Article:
Fran walks into a piano bar for pizza. She comes back home with Joe, the piano player. Joe plans on winning $5,000 and leaving Las Vegas. Fran waits for something else. Meanwhile, he moves in with her.
During the 1930s, a teenager yearns for a Catholic girl, whose only desire is to reform his sinful tendencies. Hormones raging, the young man channels his unsatisfied lust into the only outlet available: savage, crazed violence.
Olivia Harwood, missionary's widow, meets charming Mark Bellis, artist and rogue, on the ship taking them both back to 1890s London. When Olivia opens a lodging house Mark becomes her ... See full summary »
Based on D.H. Lawrence's novella about two young women - sickly, chattering Jill Banford and quiet, strong Ellen March - who are trying, hopelessly, to run a chicken farm in Canada. A ... See full summary »
Silvana Mangano (a very lovely & sexy voiced actress) plays a young, poor Venetian woman, Giovanna Masetti. She is struggling with an difficult life as a shop assistant when one day a young... See full summary »
Lilith is a about a mysterious young woman in an elite sanitarium in Maryland, who seems to weave a magical spell all around her. A restless, but sincere young man with an equally obscure past is seemingly drawn into her web. As time passes, their relationship deepens and intensifies, and the differences between them begin to blur, leading to a shocking, but oddly logical conclusion.Written by
Rhea Worrell <email@example.com>
When Stephen is clinging to the rocks his eyeglasses disappear then reappear. See more »
I suppose you think it's rather foolish, rather absurd - this attachment of mine... She's so proud, you know. Such a delicate creature. And yet she allowed me to touch her hair, for a moment. You saw that she allowed me?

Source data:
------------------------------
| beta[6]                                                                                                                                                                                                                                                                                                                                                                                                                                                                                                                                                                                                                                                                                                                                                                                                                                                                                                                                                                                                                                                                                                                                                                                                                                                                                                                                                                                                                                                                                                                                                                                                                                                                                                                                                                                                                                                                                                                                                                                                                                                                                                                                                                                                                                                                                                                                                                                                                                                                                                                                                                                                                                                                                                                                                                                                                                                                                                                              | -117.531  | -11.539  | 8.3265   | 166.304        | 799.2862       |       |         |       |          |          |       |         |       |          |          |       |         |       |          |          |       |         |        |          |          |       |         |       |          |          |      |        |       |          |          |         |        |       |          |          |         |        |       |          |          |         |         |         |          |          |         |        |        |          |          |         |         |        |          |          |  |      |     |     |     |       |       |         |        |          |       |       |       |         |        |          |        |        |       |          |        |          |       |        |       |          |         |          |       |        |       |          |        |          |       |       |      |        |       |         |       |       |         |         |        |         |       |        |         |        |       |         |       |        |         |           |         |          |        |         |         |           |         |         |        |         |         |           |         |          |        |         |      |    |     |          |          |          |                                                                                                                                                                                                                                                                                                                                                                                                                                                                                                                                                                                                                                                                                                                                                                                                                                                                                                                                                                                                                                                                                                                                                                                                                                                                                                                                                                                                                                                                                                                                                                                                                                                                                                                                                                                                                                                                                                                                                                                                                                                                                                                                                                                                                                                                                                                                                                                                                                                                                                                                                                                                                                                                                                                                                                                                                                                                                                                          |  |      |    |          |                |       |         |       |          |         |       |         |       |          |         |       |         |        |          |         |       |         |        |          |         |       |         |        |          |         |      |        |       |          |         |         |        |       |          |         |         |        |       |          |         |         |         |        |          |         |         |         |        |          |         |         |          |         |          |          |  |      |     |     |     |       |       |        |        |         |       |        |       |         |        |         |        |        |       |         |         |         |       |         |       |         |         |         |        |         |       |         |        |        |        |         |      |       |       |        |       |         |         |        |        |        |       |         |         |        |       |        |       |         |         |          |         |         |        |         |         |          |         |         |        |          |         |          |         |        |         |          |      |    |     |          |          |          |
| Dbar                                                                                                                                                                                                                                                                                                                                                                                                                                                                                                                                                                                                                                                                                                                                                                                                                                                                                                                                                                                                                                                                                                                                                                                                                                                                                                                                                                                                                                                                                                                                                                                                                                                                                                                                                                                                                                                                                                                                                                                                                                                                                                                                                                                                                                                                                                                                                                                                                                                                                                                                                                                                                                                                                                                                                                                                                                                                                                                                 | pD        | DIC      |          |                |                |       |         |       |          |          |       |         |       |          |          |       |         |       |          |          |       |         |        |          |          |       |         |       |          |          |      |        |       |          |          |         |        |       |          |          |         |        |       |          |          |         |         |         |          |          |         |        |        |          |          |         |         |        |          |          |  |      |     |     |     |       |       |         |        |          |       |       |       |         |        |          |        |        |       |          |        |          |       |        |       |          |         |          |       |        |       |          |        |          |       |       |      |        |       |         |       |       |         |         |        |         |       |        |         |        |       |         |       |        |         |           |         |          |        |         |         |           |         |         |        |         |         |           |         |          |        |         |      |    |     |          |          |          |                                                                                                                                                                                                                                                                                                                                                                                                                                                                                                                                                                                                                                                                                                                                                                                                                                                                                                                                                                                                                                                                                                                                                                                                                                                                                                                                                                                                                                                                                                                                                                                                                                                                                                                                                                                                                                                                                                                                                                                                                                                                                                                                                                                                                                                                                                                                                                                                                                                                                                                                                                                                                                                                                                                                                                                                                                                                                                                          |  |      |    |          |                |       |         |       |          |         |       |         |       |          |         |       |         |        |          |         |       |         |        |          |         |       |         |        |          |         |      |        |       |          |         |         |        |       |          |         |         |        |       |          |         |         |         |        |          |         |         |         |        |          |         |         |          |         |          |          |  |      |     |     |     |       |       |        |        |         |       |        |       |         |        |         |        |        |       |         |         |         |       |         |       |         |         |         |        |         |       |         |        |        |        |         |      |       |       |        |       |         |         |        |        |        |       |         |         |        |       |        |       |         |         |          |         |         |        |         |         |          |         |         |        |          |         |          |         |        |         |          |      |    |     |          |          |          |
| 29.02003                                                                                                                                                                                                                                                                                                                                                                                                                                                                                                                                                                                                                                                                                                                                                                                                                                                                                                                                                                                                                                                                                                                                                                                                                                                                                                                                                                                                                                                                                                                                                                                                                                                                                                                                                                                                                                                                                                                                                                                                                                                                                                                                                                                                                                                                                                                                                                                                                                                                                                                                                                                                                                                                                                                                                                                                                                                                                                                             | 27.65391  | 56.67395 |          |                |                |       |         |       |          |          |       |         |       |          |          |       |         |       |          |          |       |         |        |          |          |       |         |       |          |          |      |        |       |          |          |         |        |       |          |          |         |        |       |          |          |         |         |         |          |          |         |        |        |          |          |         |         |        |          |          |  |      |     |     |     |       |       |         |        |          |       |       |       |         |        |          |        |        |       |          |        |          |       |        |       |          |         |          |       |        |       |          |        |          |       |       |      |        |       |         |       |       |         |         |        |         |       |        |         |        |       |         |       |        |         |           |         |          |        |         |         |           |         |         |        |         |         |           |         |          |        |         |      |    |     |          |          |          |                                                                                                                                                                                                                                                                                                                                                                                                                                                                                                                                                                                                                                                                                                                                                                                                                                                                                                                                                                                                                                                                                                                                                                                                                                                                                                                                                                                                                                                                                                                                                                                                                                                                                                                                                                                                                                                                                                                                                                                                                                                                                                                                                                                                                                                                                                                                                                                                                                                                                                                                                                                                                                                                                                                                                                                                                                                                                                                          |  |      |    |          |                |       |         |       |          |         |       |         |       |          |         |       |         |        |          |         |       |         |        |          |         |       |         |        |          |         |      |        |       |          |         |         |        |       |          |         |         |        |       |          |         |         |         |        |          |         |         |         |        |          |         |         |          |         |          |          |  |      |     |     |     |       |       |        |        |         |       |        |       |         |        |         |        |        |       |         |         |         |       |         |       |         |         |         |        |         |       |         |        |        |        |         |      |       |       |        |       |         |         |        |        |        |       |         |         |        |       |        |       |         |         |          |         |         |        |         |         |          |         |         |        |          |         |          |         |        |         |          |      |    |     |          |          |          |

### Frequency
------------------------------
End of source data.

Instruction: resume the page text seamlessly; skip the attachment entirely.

[Mr. Bruce nods]
You see, I really have nothing else to live for.
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Jean Seberg was a woefully inadequate actress in almost every role in which she was cast but she seemed born to play Lilith, the unstable, deeply amoral 'heroine' of Robert Rossen's last film. It's an extraordinary performance and it's extraordinary because it doesn't appear to have anything to do with 'acting'; it just seems to exist. The theme of the film is madness, not 'mental illness' but madness in the truly Shakespearean sense of the word, and everything about the film is heightened, a little unreal. Eugen Schufftan photographs the film in a hazy monochrome with the emphasis on white. We peer at the characters through shafts of sunlight, (and there is a lot of water on view, too).
And Seberg isn't the only extraordinary performance. There is excellent work, too, from Warren Beatty as the young nurse drawn into Lilith's web, Kim Hunter as the woman who runs the institution where Lilith is housed and Peter Fonda, (the best of his early performances) as another patient obsessed with Lilith. Indeed the whole cast, (which includes a brilliant, early cameo from Gene Hackman), is working at the top of their form.
The film is an adaptation of a J R Salamanca novel but Rossen renders it in wholly visual terms. He uses his camera the way an artist uses his canvas to convey the inner lives of his characters. It isn't a total success. There are times when it dissolves into hysteria and the symbolism tends to get a bit top-heavy, but it is still a fearless, totally uncommercial movie, possibly it's director's best, and a key American movie of the sixties.
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